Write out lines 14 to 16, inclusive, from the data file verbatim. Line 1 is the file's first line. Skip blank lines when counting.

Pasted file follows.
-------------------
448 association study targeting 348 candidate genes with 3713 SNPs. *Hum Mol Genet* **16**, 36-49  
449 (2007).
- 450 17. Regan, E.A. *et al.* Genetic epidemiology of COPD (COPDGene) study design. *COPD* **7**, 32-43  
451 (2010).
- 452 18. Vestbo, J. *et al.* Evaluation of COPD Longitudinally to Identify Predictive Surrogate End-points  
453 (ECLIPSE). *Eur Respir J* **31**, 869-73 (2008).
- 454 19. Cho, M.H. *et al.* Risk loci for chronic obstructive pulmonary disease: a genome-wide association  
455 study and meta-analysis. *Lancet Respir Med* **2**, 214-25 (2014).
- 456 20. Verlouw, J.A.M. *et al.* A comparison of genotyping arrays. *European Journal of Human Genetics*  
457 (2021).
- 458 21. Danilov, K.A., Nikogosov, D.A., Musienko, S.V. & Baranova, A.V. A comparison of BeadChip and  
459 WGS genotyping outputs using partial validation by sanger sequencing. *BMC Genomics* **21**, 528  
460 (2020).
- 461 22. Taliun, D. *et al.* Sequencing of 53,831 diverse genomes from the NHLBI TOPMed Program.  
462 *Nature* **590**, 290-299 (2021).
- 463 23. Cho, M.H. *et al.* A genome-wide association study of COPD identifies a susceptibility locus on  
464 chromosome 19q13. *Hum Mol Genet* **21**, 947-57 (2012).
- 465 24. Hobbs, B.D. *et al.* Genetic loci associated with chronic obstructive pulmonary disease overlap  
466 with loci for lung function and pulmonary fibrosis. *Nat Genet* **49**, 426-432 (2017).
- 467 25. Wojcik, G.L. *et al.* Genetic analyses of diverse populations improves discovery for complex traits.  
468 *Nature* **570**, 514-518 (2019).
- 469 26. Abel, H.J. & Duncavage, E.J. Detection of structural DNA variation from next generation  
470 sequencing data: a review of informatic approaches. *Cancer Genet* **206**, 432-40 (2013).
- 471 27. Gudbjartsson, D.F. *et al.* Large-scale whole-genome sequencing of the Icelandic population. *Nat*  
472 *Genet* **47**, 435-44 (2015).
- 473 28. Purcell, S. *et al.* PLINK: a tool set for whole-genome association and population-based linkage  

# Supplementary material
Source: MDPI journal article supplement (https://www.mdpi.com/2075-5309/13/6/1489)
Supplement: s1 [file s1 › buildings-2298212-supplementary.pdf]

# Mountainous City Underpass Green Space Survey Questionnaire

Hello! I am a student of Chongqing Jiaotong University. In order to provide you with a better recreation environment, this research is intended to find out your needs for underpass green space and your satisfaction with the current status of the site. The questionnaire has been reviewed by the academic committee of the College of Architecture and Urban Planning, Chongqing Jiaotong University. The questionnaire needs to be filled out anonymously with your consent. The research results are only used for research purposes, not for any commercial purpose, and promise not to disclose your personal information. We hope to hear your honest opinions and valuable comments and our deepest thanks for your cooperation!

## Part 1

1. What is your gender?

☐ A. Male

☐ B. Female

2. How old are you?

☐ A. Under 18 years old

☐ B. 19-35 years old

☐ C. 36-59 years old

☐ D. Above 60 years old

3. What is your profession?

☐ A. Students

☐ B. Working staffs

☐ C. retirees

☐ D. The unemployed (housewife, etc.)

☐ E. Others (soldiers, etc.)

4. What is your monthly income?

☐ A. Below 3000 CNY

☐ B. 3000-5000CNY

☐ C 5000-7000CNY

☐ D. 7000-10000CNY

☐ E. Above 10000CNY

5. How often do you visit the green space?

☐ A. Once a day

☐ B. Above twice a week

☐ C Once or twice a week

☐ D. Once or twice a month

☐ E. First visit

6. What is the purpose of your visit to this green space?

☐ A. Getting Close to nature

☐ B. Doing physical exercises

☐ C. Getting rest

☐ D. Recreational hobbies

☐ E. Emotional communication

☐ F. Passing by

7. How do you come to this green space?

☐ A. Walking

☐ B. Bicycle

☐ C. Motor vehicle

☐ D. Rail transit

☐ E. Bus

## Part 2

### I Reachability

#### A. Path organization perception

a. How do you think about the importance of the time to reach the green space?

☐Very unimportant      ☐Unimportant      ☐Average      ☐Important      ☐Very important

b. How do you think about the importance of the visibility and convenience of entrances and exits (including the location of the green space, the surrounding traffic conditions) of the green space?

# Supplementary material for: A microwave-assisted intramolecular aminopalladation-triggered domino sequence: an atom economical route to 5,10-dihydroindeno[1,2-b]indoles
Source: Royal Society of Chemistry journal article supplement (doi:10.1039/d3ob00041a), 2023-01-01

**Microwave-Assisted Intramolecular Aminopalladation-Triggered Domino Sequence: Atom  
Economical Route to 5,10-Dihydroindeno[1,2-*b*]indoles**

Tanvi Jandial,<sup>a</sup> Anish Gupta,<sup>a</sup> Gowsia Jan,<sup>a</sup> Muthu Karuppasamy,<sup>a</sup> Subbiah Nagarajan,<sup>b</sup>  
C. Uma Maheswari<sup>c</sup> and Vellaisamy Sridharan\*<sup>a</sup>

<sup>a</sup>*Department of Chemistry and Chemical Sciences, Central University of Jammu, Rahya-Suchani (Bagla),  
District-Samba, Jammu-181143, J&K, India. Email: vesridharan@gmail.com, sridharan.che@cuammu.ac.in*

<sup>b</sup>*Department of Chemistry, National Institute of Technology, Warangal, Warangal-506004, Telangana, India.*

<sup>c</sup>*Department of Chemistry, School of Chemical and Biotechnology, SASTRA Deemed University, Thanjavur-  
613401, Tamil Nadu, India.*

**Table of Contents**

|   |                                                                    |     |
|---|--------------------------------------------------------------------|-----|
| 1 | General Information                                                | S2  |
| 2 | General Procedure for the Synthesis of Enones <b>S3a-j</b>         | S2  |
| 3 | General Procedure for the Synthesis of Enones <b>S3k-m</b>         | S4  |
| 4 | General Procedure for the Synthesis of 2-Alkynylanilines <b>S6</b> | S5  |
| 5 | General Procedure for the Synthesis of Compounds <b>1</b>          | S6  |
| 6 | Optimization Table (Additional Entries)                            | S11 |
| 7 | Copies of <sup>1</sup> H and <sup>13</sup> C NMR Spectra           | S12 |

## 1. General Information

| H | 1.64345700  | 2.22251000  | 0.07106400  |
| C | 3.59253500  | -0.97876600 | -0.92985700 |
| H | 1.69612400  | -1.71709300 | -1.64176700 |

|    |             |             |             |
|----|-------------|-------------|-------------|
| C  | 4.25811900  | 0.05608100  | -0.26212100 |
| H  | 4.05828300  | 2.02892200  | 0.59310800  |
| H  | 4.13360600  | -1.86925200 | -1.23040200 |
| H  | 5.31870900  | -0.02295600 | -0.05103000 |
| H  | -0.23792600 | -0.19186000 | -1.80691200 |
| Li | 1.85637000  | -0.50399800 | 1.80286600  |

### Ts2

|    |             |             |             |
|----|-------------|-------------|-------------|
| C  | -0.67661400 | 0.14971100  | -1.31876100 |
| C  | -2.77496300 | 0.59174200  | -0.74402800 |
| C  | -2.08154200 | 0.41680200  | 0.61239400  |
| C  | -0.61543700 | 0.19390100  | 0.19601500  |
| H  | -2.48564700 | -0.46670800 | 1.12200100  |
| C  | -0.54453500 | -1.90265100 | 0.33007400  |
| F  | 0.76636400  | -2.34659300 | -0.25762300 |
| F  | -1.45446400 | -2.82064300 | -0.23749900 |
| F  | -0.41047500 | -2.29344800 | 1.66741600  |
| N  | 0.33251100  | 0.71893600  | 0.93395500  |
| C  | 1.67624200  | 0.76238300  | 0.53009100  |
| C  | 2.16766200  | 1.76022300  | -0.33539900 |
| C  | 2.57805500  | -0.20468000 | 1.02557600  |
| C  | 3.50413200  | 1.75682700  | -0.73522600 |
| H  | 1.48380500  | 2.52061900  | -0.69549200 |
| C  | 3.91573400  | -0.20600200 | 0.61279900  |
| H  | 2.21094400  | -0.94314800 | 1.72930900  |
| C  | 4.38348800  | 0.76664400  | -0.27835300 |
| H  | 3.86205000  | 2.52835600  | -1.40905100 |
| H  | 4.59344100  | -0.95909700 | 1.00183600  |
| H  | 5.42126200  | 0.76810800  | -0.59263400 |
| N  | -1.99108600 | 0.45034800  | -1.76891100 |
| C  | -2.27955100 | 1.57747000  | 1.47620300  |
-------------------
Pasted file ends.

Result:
- 461 22. Taliun, D. *et al.* Sequencing of 53,831 diverse genomes from the NHLBI TOPMed Program.  
462 *Nature* **590**, 290-299 (2021).
- 463 23. Cho, M.H. *et al.* A genome-wide association study of COPD identifies a susceptibility locus on  